United States Supreme Court Reports, Volume 52; Volumes 207-210

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Lawyers Co-operative Publishing Company, 1908
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Complete with headnotes, summaries of decisions, statements of cases, points and authorities of counsel, annotations, tables, and parallel references.

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Page 399 - ... from one State or Territory of the United States, or the District of Columbia, to any other State or Territory of the United States, or the District of Columbia, or from any place in the United States...
Page 415 - That in case any common carrier subject to the provisions of this Act shall do, cause to be done, or permit to be done, any act. matter, or thing in this Act prohibited or declared to be unlawful, or shall omit to do any act.
Page 250 - Freedom of speech and debate in Congress shall not be impeached or questioned in any court, or place out of Congress...
Page 271 - It is the power to regulate ; that is, to prescribe the rule by which commerce is to be governed. This power, like all others vested in congress, is complete in itself, may be exercised to its utmost extent, and acknowledges no limitations other than are prescribed in the constitution.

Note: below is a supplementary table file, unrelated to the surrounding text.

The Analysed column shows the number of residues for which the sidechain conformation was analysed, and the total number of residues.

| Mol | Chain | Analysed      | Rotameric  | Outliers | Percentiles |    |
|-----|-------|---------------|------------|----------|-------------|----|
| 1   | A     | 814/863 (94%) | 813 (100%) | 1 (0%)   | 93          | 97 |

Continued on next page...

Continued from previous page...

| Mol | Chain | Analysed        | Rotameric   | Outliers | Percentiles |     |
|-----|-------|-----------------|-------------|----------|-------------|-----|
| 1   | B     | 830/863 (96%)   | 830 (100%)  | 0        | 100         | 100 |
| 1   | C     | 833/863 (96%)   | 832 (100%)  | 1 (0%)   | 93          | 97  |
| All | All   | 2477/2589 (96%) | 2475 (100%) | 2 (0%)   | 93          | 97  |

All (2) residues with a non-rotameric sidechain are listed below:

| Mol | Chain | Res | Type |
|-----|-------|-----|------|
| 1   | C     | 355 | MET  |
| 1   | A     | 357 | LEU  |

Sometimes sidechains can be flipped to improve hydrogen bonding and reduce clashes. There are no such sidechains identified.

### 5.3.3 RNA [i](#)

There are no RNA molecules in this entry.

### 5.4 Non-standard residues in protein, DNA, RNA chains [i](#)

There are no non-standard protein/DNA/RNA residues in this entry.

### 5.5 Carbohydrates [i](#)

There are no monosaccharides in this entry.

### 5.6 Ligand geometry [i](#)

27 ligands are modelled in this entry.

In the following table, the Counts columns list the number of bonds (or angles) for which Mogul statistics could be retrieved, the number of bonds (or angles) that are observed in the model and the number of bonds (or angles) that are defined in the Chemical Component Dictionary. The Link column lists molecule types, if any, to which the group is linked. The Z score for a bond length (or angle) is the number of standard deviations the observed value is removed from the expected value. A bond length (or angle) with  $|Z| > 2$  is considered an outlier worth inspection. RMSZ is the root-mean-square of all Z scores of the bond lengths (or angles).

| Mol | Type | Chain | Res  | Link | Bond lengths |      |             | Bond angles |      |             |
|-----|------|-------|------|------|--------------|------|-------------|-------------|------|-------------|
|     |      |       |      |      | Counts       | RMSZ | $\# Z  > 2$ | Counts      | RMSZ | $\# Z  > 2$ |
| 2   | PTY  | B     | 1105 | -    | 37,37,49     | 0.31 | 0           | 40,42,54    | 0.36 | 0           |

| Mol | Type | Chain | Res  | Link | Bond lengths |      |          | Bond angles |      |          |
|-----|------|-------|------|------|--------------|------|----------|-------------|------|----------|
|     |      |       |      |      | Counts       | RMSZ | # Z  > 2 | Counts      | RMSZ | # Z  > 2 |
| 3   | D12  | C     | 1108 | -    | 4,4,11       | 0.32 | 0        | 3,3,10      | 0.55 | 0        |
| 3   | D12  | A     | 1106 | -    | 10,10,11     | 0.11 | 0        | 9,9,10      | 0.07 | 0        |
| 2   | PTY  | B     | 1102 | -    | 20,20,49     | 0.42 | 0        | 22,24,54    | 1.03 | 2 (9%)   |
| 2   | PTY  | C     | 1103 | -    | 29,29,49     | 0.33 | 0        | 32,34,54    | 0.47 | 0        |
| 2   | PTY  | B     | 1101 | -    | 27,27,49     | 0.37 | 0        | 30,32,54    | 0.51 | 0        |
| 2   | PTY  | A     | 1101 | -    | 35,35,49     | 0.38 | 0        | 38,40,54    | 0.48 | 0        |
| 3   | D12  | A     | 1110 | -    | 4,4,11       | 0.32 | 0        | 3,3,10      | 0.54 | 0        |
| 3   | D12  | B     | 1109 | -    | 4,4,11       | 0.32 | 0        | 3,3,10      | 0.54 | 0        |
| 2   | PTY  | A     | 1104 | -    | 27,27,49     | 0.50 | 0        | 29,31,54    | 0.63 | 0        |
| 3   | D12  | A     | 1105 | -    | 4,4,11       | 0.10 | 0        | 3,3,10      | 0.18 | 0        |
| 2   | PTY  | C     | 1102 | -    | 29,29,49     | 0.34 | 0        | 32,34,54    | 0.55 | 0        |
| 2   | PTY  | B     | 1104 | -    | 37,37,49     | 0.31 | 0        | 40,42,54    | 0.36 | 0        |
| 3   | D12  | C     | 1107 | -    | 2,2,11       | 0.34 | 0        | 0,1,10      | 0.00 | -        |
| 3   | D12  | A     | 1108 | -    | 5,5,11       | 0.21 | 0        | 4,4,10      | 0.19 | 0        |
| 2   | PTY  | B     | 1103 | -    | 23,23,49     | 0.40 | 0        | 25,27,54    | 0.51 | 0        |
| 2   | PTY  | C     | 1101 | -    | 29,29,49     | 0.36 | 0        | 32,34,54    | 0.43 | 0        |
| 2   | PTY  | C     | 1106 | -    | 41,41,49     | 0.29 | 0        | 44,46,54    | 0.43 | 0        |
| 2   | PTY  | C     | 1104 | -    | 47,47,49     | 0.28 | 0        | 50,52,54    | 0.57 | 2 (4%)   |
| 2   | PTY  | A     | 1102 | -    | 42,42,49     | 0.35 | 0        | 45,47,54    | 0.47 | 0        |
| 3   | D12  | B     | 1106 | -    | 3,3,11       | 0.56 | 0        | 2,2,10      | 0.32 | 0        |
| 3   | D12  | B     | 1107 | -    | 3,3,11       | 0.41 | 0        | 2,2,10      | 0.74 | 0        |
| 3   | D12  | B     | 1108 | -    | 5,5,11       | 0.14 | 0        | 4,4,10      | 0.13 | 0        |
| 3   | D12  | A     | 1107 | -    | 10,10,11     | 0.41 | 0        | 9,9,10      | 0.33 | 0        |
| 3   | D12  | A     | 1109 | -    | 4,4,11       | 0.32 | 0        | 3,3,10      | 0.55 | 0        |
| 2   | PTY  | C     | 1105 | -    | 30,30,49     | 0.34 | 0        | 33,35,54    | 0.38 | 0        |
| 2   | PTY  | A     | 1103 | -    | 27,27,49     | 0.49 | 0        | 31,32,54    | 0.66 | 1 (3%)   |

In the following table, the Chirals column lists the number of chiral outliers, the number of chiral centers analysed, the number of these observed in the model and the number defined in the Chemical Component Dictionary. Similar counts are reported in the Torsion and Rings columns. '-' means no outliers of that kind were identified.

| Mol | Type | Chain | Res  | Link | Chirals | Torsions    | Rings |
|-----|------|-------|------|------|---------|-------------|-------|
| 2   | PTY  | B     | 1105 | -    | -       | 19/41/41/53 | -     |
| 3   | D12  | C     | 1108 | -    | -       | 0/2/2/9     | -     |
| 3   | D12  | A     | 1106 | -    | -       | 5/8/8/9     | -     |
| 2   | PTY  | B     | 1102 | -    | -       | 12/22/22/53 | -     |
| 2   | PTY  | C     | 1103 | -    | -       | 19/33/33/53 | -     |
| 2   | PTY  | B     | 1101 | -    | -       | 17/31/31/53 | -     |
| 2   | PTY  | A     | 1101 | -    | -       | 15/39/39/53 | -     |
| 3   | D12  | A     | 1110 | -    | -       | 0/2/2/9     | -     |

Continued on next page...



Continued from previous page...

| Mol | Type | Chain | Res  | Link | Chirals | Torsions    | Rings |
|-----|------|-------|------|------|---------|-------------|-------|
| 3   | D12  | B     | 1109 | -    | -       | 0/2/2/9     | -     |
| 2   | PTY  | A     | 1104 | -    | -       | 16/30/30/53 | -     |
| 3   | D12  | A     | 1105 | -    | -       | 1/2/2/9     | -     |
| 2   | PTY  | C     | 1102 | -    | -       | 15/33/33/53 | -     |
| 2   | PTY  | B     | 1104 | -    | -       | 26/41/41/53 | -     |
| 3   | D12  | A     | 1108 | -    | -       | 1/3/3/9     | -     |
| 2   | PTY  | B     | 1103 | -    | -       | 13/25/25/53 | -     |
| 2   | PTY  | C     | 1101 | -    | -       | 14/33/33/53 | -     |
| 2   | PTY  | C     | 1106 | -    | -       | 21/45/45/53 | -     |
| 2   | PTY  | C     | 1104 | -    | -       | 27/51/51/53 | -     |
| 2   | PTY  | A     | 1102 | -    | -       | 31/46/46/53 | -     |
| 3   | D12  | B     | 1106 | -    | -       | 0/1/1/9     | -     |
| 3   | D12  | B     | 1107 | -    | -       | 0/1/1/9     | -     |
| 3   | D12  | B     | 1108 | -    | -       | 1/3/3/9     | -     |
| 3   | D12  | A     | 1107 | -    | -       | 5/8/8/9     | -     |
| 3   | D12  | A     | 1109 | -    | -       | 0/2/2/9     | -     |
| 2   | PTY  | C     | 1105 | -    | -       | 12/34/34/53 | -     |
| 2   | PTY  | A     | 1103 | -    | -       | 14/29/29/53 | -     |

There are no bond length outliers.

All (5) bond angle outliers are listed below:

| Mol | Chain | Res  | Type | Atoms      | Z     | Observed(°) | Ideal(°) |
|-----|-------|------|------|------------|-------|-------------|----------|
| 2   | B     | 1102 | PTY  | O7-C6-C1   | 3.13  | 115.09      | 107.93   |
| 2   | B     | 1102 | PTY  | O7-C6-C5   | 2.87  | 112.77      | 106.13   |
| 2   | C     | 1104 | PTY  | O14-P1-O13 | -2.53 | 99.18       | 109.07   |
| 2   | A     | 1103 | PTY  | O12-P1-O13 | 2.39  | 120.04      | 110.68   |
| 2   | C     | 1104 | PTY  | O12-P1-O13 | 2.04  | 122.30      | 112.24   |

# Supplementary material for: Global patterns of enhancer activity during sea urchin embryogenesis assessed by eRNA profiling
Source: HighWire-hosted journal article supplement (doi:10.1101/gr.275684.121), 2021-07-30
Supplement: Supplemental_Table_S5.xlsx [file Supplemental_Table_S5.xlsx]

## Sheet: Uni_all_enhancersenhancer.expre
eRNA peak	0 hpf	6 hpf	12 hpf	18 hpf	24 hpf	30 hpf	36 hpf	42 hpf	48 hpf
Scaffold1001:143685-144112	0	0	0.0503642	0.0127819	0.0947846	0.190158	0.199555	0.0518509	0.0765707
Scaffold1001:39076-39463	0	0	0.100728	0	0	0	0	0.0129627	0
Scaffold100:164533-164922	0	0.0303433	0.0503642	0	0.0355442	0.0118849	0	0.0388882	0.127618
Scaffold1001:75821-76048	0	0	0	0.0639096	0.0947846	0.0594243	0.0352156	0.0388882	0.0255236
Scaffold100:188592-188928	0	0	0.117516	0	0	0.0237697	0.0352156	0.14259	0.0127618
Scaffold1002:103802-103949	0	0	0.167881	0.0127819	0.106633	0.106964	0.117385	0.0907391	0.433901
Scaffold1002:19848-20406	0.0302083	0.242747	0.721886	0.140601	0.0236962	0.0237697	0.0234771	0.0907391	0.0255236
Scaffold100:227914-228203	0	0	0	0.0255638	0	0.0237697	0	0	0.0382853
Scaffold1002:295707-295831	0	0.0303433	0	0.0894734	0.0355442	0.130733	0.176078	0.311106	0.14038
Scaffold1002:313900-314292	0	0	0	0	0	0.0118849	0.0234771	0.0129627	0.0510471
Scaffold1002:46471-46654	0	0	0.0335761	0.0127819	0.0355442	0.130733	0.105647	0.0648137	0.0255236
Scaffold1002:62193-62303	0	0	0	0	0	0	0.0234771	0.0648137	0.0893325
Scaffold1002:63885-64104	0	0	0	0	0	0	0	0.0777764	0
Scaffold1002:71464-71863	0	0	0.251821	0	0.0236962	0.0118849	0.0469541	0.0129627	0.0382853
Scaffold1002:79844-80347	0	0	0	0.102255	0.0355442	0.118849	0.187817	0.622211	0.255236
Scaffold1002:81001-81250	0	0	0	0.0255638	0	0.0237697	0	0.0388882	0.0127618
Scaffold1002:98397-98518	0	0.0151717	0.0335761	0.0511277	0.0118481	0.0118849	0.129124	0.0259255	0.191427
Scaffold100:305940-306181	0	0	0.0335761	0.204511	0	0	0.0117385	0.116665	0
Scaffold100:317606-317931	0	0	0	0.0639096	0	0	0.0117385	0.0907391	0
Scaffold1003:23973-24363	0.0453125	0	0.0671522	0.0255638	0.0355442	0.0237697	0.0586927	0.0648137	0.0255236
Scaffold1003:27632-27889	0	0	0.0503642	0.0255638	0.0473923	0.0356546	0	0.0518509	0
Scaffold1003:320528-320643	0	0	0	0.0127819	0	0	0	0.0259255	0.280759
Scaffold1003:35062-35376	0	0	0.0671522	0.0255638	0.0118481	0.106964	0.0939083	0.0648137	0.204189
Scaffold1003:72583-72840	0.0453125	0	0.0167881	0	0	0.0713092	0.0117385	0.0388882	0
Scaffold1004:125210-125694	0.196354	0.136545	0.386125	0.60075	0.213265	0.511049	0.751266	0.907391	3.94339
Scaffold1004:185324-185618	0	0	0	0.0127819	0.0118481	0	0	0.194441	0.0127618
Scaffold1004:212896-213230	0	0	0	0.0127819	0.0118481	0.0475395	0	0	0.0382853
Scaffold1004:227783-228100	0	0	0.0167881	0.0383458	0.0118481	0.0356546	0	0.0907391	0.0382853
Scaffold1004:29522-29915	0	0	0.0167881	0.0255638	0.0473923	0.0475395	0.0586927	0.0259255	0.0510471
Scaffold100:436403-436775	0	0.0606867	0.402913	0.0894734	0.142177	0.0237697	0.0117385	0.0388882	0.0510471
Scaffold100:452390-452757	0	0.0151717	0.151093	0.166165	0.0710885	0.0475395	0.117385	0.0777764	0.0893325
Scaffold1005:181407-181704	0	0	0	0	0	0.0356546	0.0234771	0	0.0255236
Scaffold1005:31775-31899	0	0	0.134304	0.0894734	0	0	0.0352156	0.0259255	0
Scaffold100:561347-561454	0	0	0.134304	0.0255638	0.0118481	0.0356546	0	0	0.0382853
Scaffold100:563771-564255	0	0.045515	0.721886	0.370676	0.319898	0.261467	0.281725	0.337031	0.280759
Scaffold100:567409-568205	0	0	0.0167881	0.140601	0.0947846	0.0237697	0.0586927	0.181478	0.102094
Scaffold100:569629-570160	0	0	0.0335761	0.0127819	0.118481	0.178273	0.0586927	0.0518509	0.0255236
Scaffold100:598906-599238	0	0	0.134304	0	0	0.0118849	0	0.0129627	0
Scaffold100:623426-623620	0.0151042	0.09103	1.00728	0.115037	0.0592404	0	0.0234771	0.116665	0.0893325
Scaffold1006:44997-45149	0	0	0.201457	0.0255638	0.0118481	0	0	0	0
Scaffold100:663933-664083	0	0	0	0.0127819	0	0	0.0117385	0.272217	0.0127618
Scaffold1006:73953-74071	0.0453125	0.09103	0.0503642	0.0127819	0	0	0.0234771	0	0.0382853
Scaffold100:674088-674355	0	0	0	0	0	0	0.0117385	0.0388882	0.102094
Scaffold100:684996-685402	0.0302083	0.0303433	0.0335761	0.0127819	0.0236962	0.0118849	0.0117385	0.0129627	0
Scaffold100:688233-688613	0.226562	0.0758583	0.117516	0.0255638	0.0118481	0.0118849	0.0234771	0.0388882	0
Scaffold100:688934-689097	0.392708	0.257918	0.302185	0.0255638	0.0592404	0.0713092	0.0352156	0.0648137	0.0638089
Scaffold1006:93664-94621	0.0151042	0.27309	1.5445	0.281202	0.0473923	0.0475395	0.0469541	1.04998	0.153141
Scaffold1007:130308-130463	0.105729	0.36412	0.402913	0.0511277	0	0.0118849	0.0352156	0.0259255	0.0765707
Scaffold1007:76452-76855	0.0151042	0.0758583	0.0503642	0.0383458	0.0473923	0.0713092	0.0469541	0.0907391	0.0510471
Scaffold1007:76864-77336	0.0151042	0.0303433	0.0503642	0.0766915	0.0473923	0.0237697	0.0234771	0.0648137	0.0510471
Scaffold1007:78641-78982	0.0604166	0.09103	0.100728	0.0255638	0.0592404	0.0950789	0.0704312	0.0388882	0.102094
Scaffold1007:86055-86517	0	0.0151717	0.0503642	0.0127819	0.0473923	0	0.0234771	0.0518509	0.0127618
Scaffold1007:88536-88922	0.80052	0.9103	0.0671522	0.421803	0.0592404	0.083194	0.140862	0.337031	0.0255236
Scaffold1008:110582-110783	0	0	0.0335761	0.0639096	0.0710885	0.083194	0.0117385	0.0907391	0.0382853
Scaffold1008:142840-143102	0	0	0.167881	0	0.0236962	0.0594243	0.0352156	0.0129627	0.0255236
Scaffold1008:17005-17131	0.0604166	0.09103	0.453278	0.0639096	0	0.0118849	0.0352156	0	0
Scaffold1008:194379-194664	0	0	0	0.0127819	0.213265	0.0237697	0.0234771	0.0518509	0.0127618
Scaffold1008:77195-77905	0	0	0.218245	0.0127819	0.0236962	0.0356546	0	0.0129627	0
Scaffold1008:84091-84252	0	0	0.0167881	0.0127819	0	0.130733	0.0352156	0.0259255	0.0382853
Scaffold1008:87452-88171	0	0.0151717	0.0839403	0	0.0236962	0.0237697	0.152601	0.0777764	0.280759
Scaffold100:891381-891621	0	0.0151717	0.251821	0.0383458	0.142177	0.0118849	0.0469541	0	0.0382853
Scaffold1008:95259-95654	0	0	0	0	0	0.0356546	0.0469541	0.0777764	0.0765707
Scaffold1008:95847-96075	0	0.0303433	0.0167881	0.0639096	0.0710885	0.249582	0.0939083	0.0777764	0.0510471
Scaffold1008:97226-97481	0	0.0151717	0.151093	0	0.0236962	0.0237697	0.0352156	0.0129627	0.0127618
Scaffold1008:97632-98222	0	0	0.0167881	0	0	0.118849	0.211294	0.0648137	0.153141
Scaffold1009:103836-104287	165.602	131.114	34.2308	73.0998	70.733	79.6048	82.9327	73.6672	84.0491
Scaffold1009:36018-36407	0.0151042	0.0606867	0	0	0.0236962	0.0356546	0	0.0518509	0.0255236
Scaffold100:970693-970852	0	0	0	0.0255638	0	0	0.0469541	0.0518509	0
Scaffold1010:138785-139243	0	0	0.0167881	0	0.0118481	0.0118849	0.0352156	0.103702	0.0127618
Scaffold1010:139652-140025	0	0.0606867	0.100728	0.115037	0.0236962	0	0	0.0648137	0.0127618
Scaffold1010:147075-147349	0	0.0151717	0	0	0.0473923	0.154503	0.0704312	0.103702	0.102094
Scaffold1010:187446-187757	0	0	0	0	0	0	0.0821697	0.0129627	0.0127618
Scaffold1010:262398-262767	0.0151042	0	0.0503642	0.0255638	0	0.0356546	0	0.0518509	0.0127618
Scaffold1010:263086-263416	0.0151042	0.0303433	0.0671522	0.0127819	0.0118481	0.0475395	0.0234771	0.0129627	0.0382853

Page 432 - In the four quarters of the globe, who reads an American book, or goes to an American play, or looks at an American picture or statue...
Page 108 - All laws should receive a sensible construction. General terms should be so limited in their application as not to lead to injustice, oppression, or an absurd consequence. It will always, therefore, be presumed that the legislature intended exceptions to its language, which would avoid results of this character. The reason of the law in such cases should prevail over its letter.
Page 462 - States; or (5) admitted in writing his inability to pay his debts and his willingness to be adjudged a bankrupt on that ground.
Page 110 - The true reason of the remedy; and then the office of all the judges is always to make such construction as shall suppress the mischief, and advance the remedy, and to suppress subtle inventions and evasions for continuance of the mischief, and pro privato commodo, and to add force and life to the cure and remedy, according to the true intent of the makers of the Act, pro bono publico.
Page 342 - ... when the question is one of a common or general interest, of many persons, or when the parties are numerous, and it is impracticable to bring them all before the court, one or more may sue or defend for the benefit of all.
Page 125 - We feel no hesitation in confining these expressions to those privileges and immunities which are, in their nature, fundamental; which belong, of right, to the citizens of all free governments; and which have, at all times, been enjoyed by the citizens of the several states which compose this Union, from the time of their becoming free, independent, and sovereign.

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